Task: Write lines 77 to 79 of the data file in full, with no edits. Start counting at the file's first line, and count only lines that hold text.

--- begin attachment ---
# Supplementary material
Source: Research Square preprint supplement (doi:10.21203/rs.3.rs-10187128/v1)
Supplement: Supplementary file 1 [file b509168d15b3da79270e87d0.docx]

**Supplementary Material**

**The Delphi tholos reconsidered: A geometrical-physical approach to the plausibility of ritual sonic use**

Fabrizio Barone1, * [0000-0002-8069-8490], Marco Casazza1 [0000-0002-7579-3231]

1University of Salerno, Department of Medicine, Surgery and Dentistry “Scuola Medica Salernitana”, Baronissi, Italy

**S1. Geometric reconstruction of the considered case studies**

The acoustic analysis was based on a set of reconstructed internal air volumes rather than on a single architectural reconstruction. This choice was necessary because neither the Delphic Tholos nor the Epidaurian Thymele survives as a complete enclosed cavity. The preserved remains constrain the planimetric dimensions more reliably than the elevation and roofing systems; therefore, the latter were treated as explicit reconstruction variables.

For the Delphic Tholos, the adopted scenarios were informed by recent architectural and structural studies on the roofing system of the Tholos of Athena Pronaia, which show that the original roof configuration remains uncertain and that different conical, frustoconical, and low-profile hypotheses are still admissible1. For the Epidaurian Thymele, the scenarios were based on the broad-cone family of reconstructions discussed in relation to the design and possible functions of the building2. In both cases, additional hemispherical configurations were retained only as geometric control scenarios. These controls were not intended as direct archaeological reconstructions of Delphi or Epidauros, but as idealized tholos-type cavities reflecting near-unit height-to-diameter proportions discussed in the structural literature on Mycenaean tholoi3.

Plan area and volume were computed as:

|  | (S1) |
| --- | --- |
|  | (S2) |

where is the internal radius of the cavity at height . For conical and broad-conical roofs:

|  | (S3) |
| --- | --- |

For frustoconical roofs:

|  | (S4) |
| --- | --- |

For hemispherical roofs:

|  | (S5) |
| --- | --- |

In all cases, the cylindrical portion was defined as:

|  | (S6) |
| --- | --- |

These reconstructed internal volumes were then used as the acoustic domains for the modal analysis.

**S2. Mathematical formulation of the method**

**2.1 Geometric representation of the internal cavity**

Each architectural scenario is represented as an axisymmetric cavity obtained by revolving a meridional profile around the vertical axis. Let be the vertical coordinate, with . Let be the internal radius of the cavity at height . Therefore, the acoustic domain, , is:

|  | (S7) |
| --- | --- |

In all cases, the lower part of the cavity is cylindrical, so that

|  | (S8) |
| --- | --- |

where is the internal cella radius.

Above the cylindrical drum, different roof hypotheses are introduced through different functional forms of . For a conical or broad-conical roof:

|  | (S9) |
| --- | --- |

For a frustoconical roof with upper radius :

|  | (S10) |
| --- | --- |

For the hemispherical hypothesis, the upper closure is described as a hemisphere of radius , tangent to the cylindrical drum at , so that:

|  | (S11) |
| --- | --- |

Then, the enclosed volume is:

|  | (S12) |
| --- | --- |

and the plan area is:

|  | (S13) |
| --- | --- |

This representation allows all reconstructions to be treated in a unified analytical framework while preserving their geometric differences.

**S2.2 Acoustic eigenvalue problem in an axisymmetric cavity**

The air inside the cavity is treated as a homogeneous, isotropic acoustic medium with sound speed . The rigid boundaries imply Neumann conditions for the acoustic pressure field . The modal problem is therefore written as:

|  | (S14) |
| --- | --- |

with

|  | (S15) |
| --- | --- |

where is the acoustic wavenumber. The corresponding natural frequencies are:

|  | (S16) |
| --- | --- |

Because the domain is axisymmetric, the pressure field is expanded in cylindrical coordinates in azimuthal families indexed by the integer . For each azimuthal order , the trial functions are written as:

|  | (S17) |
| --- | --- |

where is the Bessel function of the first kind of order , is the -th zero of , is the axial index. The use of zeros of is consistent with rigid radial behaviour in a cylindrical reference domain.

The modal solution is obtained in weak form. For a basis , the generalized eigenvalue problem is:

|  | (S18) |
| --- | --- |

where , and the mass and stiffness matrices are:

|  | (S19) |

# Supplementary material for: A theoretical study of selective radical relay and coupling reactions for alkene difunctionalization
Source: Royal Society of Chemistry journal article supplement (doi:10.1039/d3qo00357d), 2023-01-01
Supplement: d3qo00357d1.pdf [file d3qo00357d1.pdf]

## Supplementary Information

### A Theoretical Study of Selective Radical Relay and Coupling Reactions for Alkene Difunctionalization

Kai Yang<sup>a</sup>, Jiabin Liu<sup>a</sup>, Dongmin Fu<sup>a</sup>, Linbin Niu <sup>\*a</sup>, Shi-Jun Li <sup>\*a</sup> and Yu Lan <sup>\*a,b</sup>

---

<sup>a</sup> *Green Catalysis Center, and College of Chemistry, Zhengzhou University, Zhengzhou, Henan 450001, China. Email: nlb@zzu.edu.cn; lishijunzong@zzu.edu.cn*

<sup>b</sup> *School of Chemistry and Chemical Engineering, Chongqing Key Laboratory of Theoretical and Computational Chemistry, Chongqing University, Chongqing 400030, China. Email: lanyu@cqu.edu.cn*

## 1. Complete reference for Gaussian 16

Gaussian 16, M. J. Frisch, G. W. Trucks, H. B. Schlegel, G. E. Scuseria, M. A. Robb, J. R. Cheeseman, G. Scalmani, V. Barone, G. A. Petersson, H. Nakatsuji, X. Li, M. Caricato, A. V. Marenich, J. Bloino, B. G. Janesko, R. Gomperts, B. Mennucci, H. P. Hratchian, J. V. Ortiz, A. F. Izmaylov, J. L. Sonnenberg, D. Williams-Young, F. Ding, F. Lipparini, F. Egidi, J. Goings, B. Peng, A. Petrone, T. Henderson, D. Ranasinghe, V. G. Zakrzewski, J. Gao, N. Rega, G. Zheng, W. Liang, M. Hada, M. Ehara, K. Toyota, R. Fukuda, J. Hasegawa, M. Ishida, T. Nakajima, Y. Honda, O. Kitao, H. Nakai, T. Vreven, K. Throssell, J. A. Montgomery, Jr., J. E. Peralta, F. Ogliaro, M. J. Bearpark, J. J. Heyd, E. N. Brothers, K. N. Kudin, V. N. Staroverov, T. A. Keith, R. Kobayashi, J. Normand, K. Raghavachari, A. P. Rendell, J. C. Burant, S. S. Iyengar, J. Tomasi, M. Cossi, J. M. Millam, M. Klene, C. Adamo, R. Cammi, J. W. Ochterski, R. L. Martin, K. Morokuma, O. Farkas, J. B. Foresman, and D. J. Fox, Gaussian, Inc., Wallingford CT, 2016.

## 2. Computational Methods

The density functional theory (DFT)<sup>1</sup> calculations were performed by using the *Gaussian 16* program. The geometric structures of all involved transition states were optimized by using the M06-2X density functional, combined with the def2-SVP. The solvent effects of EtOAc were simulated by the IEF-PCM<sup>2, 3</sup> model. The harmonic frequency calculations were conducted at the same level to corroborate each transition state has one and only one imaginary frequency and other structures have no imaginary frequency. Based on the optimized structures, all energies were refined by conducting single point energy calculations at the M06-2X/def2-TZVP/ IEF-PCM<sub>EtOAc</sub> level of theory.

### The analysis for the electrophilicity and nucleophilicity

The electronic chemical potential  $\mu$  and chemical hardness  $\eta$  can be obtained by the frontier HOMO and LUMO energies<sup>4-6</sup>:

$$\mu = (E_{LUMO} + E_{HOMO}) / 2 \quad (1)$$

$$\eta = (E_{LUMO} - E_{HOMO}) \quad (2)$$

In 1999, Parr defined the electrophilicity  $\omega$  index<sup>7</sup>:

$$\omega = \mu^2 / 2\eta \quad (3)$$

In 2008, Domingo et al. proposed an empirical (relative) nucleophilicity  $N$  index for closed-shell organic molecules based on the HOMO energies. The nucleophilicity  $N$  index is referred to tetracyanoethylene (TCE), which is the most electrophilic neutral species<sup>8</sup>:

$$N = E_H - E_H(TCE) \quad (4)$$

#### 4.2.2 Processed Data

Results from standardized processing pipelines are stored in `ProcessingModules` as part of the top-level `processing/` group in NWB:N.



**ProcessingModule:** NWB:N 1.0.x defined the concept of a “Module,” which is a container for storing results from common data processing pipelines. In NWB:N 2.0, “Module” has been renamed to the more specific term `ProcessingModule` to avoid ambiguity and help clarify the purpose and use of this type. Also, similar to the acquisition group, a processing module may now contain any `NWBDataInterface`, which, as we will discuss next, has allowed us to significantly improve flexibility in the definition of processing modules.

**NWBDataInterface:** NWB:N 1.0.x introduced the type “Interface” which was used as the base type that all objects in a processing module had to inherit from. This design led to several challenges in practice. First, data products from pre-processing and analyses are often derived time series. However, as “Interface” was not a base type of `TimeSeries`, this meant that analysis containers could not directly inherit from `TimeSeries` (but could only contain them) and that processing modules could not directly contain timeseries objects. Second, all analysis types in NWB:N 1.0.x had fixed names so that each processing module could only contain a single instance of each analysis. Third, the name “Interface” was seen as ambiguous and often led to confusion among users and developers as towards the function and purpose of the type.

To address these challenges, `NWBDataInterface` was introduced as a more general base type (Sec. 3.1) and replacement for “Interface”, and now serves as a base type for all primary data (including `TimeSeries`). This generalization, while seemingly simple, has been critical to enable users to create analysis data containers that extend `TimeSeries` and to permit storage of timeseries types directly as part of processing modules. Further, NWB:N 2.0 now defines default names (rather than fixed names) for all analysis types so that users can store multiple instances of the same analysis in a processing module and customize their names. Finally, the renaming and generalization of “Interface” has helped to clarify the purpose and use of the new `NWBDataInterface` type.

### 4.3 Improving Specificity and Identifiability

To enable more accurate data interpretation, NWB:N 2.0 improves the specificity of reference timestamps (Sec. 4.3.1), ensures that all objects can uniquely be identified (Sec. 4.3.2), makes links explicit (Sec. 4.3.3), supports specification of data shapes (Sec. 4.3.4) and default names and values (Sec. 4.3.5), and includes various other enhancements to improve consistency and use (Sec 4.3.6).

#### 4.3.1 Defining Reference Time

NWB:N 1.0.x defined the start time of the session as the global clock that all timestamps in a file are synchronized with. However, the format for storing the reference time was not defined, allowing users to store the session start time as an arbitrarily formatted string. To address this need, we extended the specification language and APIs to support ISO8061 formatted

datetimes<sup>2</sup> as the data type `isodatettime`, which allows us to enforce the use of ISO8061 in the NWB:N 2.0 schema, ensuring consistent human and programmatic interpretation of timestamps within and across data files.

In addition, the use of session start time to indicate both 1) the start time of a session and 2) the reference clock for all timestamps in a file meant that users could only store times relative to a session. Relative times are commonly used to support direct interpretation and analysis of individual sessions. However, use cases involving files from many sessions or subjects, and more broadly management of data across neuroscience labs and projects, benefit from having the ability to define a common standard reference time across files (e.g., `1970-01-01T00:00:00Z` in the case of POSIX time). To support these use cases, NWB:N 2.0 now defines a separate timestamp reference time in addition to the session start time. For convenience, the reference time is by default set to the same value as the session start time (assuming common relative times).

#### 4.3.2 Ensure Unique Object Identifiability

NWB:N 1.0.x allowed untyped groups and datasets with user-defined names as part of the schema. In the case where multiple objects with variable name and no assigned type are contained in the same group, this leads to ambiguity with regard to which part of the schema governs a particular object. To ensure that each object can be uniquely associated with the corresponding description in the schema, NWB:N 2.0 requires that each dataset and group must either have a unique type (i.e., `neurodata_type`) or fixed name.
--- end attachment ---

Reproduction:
Kai Yang<sup>a</sup>, Jiabin Liu<sup>a</sup>, Dongmin Fu<sup>a</sup>, Linbin Niu <sup>\*a</sup>, Shi-Jun Li <sup>\*a</sup> and Yu Lan <sup>\*a,b</sup>

---

<sup>a</sup> *Green Catalysis Center, and College of Chemistry, Zhengzhou University, Zhengzhou, Henan 450001, China. Email: nlb@zzu.edu.cn; lishijunzong@zzu.edu.cn*